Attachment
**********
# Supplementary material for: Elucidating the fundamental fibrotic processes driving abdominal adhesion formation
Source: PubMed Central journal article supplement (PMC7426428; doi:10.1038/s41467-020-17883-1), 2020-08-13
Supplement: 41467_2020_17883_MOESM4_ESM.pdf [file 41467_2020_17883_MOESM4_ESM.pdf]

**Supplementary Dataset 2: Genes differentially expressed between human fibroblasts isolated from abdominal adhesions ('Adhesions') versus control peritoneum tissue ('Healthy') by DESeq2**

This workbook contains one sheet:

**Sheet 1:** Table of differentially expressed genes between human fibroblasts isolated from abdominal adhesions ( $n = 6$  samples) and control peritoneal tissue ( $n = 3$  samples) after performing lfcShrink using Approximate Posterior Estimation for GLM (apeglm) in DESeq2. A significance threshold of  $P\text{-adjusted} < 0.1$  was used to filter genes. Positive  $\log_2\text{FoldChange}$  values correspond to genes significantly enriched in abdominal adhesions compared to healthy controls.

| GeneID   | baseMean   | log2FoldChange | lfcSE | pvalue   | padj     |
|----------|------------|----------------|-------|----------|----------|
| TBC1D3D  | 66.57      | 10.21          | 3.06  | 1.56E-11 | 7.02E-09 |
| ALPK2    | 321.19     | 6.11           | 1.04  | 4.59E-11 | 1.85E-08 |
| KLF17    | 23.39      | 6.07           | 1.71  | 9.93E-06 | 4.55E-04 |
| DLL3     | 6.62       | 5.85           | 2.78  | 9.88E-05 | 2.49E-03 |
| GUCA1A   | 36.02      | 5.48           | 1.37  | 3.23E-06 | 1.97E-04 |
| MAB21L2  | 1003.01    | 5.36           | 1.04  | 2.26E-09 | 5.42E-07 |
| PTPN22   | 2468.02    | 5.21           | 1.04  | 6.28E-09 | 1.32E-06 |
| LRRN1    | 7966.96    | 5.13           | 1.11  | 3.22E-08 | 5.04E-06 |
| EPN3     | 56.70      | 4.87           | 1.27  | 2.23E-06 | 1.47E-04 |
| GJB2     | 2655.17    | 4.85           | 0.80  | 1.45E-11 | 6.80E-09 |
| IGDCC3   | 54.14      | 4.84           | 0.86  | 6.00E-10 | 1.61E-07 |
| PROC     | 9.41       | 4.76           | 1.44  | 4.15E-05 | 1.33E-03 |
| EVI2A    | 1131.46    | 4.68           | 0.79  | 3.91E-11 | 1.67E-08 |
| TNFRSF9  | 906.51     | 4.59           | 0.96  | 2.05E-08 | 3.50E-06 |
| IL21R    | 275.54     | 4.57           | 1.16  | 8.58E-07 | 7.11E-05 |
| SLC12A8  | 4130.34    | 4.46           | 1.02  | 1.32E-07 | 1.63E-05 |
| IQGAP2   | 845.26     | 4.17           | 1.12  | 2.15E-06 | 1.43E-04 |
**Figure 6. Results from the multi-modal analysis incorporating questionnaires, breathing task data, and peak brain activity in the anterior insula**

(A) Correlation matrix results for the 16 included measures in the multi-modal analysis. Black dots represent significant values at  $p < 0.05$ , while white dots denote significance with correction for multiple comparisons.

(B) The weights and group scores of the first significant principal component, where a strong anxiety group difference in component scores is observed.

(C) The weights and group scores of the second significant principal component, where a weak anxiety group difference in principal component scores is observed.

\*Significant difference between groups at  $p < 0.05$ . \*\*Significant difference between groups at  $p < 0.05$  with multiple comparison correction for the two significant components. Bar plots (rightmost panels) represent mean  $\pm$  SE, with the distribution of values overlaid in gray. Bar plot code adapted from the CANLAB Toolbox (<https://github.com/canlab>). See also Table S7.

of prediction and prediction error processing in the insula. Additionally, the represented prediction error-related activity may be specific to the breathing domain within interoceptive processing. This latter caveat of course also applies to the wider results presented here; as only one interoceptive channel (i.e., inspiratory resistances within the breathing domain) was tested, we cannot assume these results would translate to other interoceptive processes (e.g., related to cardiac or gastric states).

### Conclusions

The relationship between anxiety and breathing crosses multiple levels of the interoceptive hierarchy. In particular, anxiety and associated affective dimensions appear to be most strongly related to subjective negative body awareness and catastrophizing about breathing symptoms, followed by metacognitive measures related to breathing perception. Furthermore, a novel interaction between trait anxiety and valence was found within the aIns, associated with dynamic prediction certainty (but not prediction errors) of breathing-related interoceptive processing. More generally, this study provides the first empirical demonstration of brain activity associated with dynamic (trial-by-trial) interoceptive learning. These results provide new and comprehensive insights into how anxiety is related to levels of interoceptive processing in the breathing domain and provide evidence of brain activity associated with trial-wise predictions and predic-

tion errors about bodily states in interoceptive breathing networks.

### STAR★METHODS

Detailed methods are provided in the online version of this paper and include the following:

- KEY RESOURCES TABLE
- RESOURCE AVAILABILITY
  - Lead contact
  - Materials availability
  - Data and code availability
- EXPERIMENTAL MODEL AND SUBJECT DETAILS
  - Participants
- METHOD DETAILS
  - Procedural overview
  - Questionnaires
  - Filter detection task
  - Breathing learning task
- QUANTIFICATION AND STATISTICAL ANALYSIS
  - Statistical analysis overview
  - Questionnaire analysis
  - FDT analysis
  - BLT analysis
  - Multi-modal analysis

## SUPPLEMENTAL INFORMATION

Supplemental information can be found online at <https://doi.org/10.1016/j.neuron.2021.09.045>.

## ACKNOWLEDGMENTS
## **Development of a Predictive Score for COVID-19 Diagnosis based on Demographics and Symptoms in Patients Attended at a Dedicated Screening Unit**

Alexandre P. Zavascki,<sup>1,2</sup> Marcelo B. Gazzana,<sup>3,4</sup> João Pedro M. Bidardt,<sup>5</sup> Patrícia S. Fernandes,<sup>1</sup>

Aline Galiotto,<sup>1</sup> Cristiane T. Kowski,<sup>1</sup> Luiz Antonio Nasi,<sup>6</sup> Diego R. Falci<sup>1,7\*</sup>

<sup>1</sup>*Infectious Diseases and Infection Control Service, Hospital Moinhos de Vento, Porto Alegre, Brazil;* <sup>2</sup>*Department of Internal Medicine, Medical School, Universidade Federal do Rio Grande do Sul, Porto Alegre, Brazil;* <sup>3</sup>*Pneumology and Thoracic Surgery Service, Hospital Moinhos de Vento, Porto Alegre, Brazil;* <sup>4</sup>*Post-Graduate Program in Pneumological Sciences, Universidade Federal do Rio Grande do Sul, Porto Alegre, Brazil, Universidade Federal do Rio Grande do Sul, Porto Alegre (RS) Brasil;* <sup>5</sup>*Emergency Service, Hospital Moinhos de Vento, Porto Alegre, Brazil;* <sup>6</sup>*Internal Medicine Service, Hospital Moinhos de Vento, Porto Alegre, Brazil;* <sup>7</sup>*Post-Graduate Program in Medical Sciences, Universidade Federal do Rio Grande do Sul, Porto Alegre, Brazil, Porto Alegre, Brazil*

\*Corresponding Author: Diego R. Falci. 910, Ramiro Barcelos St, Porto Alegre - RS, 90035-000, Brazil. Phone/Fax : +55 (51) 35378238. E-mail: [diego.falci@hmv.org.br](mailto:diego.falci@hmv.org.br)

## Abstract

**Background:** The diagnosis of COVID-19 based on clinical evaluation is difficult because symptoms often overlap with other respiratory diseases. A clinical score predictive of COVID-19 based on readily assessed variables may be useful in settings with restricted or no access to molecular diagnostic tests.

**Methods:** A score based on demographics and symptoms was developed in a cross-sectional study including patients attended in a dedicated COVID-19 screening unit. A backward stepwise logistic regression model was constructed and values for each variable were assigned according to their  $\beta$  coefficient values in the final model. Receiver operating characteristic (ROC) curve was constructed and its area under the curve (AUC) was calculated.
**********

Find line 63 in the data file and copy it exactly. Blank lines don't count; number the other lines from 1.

## Abstract